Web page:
Arts and Culture

The synopsis of Louisville playwright Diana Grisanti’s “River City” reads like a familiar story. Lead character Mary Christopher’s estranged father passes away and in a moment of personal identity crisis, she drops her life at home to obsess about the lost history tied up in his.

At the time of its first 2013 staged reading as part of the nuVoices Festival at Actor’s Theatre in Charlotte, N.C., the reception wasn’t incredibly enthusiastic. Local critic Perry Tannenbaum said “the script irritated me more than it delighted me” and that he “disliked Mary for her self-absorption and had no interest in seeing her story reprised.”

But then about a year later, during preparations for a fully-staged production of “River City,” Michael Brown, a black teenager in Ferguson, Missouri, was fatally shot by police — resulting in protests and riots in the city.

While Grisanti had been working on this script for four years, in light of these real-life events, her fictional world became complicated for several reasons. For one, in the script Mary is a mixed-race woman. Her mother, who primarily raised her, is white and her father was black.

When “River City” was brought back to the stage as a full production a year later, the political climate in which it was performed heightened its messages about racial tension and historic erasure. Audiences were hooked and even Tannenbaum said it was a “pleasant surprise.”

Now the play is coming to Louisville, where the majority of its action is set. Amy Attaway (who works as a fill-in host for WFPL) is the co-artistic director of Theatre 502, which is hosting the Louisville premiere of “River City” on Oct. 7.

“As we’ve been rehearsing this play in Louisville, there have been more killings, more protests — in fact, in Charlotte right now — so I can’t imagine a time that this play hasn’t been relevant,” Attaway says. “As we think of the Civil Rights movement as being in the past, we can see it all around us.”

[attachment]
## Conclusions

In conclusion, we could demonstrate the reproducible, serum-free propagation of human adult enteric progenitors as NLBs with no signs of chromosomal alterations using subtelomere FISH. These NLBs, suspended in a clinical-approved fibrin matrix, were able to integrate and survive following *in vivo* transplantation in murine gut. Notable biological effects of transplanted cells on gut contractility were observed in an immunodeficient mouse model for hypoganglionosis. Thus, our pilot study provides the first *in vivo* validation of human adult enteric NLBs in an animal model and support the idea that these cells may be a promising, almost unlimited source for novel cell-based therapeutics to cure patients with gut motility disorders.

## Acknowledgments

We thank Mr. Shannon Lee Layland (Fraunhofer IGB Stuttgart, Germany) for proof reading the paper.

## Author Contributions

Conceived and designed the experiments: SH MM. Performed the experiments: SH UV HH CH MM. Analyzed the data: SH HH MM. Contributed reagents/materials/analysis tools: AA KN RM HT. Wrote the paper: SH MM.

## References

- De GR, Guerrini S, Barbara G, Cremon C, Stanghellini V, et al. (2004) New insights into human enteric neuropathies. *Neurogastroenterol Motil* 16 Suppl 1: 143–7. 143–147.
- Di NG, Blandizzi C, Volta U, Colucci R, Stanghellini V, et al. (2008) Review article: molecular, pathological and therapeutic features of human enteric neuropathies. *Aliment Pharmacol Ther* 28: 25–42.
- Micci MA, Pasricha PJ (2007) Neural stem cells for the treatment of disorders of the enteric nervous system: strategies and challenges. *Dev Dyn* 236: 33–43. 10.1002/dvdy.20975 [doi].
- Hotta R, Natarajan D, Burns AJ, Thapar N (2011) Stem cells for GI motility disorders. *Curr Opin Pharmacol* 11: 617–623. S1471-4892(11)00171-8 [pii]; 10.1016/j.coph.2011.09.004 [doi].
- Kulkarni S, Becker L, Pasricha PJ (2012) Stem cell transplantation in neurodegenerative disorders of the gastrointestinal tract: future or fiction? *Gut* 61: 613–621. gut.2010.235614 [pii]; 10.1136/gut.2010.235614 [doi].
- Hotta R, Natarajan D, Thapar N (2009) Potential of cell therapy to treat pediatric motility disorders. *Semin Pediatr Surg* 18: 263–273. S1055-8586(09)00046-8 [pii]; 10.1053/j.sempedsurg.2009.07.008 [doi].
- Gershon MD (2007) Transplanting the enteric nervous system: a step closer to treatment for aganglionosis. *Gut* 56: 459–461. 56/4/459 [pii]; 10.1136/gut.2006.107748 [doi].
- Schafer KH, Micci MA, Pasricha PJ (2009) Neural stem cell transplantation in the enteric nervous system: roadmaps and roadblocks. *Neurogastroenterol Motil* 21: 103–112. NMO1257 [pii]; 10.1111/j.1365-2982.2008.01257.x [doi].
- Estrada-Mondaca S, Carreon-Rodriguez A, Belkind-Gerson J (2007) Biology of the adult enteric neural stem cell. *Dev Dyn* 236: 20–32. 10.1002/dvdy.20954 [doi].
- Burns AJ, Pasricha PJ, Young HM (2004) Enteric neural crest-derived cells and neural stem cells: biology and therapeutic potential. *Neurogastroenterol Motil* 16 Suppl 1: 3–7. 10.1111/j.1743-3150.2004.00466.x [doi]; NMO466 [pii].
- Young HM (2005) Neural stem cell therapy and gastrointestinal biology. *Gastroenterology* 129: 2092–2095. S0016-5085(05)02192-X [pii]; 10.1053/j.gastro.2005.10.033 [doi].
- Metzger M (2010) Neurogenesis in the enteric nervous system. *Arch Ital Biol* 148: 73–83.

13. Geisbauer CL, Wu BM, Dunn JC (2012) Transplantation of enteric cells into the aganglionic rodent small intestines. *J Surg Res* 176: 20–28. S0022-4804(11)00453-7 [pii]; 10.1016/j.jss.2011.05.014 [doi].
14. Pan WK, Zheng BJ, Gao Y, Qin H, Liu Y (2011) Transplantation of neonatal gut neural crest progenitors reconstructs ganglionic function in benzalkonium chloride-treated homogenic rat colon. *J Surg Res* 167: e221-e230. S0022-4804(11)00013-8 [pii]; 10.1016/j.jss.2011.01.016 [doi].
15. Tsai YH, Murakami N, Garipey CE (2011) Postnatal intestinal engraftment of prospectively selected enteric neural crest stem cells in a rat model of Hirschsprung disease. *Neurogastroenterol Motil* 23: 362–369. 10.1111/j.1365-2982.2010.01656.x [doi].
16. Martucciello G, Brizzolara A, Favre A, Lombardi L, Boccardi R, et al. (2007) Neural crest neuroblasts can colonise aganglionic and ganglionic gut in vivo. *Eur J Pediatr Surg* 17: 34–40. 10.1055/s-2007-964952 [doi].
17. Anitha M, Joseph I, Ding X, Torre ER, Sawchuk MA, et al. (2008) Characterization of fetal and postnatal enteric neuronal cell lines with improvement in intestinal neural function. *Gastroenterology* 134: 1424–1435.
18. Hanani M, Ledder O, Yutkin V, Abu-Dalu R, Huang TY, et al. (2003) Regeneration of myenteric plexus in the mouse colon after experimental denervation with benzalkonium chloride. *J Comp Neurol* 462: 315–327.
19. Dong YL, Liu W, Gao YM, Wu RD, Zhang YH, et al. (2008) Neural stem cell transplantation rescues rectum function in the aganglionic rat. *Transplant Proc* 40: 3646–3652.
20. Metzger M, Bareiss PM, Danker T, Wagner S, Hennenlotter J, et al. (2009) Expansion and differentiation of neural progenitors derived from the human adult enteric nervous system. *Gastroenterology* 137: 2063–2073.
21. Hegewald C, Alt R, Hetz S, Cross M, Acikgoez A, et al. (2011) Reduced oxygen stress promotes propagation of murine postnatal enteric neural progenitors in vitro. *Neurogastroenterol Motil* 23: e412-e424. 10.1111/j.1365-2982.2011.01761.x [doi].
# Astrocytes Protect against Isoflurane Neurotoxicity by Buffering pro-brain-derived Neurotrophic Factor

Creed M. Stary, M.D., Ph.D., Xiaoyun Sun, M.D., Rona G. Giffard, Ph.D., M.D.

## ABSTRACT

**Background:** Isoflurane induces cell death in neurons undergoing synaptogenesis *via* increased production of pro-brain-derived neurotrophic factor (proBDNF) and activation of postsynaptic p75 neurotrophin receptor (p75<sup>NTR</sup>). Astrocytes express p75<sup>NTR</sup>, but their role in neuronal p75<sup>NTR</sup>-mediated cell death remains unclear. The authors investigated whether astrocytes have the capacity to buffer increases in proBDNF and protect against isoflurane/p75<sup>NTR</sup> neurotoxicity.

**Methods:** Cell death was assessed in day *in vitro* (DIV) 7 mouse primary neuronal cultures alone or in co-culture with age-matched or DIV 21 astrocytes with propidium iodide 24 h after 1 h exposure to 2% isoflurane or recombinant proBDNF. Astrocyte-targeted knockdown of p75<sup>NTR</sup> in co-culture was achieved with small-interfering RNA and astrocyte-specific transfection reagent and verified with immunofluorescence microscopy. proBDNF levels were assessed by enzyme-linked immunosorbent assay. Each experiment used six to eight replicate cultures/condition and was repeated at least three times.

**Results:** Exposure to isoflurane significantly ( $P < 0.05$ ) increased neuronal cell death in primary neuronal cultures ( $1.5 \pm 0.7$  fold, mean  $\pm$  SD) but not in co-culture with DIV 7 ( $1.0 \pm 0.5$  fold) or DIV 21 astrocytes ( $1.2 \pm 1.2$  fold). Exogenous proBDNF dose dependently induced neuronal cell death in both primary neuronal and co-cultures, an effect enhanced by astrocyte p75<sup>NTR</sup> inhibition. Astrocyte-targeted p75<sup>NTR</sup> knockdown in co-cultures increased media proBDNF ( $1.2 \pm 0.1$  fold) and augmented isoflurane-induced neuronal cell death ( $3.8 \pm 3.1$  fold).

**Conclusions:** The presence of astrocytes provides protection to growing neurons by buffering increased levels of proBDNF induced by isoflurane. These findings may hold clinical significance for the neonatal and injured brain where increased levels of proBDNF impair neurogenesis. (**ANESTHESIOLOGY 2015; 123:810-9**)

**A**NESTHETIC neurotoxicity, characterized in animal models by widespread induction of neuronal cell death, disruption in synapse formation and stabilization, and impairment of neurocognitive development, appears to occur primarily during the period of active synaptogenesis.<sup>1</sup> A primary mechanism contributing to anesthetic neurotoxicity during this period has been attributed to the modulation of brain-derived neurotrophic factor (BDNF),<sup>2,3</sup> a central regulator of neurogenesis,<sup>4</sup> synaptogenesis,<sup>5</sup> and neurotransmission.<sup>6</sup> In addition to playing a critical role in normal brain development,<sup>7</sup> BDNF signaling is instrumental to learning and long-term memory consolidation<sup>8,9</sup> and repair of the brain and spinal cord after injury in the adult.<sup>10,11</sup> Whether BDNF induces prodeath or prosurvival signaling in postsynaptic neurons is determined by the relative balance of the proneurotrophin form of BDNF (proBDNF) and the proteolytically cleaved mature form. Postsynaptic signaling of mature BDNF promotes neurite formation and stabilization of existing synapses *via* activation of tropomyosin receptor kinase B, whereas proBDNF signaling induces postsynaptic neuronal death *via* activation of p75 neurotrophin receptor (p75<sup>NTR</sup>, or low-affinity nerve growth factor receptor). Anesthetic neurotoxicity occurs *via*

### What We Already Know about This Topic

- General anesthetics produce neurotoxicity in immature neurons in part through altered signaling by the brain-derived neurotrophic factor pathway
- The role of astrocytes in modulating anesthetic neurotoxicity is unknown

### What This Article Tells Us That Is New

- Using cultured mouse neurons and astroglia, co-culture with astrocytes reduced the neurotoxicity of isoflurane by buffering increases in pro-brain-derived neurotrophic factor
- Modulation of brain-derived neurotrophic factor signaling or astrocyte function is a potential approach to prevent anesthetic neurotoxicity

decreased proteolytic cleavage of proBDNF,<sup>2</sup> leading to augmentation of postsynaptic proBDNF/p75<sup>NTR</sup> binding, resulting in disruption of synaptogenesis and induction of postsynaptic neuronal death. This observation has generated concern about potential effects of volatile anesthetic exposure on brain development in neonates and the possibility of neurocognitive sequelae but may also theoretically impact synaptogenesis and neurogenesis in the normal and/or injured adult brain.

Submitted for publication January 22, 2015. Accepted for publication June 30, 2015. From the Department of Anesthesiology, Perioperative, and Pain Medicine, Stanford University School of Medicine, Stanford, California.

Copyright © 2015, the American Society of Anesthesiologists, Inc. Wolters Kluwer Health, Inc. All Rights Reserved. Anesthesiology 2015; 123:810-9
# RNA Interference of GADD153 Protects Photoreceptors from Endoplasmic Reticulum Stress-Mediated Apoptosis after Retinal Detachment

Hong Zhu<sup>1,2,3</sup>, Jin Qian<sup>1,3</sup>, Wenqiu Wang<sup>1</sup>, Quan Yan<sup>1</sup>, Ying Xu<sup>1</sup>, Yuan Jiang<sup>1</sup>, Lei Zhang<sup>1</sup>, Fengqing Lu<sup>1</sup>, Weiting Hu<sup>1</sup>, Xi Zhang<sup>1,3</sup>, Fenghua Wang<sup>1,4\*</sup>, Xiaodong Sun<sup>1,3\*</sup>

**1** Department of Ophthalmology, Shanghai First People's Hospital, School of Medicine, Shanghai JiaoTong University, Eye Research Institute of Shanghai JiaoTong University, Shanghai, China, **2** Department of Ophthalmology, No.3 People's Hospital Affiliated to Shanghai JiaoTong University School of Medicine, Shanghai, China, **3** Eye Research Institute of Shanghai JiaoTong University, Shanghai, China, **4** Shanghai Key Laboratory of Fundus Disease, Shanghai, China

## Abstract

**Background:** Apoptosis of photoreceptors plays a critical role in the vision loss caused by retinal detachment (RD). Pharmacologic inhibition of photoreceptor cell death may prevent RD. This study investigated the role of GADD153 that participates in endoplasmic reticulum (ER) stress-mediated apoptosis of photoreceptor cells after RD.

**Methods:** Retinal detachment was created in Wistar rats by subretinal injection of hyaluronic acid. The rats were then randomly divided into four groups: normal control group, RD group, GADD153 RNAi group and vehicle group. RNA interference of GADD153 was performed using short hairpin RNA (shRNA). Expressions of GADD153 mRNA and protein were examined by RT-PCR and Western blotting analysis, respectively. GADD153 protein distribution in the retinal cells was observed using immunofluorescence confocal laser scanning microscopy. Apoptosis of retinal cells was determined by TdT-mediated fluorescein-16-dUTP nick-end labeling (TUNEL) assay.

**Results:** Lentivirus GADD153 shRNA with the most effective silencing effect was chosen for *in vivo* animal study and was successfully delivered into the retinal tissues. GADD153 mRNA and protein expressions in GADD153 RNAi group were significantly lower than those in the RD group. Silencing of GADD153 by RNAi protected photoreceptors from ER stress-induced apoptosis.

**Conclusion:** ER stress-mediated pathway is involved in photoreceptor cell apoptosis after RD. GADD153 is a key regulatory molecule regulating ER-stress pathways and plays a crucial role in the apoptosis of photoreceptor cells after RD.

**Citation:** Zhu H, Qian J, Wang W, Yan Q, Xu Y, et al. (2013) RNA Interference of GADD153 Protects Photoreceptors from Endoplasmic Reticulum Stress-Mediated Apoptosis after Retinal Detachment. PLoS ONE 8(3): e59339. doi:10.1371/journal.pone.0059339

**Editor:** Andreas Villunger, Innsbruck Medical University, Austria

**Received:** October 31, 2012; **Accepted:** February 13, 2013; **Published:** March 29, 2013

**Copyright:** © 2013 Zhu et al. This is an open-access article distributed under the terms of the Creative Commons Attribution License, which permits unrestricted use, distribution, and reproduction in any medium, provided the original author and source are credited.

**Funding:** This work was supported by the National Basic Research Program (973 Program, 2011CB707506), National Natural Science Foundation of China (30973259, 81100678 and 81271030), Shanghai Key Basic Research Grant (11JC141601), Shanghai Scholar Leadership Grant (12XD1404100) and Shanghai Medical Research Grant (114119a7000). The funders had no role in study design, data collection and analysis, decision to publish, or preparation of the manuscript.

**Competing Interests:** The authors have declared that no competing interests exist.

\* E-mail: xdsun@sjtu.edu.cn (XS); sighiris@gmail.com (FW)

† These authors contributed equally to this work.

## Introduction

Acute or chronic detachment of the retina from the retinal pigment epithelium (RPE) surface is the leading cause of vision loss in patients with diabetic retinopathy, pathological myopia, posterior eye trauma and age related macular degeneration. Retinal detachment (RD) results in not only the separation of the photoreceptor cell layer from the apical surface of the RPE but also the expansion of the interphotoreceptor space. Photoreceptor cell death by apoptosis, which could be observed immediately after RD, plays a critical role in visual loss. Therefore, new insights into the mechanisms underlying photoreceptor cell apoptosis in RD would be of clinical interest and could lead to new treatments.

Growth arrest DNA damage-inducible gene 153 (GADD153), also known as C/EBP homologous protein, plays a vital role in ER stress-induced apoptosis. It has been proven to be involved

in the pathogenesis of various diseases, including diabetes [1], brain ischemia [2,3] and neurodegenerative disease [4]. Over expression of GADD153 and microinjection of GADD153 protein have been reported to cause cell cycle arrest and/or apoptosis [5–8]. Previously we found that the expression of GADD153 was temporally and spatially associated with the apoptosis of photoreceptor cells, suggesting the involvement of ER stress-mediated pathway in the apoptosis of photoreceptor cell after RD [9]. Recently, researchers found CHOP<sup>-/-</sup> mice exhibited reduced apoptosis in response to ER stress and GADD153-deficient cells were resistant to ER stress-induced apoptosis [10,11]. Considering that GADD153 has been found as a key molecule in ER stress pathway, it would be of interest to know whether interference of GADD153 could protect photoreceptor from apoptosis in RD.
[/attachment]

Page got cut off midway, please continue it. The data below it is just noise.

Grisanti is the playwright in residence at Theatre 502. Attaway, a Louisville native, says it has been interesting for both of them to discuss some of the city’s history that informed this play.

“I will say that I was vaguely aware of the Civil Rights history of Louisville, but in doing research for this play, I learned a ton of things I didn’t know before,” Attaway says. “I knew there were lunch counter protests here, but I didn’t know how violent they were. I knew that there were uprisings, but I didn’t know black protesters took over buildings at the University of Louisville. I didn’t know about the demonstration that turned violent that is specifically referenced in this play that happened at 28th and Greenwood.”

In preparing for the play, Attaway says the cast talked a lot about their own sense of identity and historic city race relations.

“Without speaking for them, I will say we all learned a lot about the Civil Rights movement in Louisville, which has made it even more exciting to be working on this play,” Attaway says.

“River City” will run Oct. 7 through 15 at the MeX Theater at The Kentucky Center. More information is available here.

Ashlie Stevens is WFPL's Arts & Culture Reporter.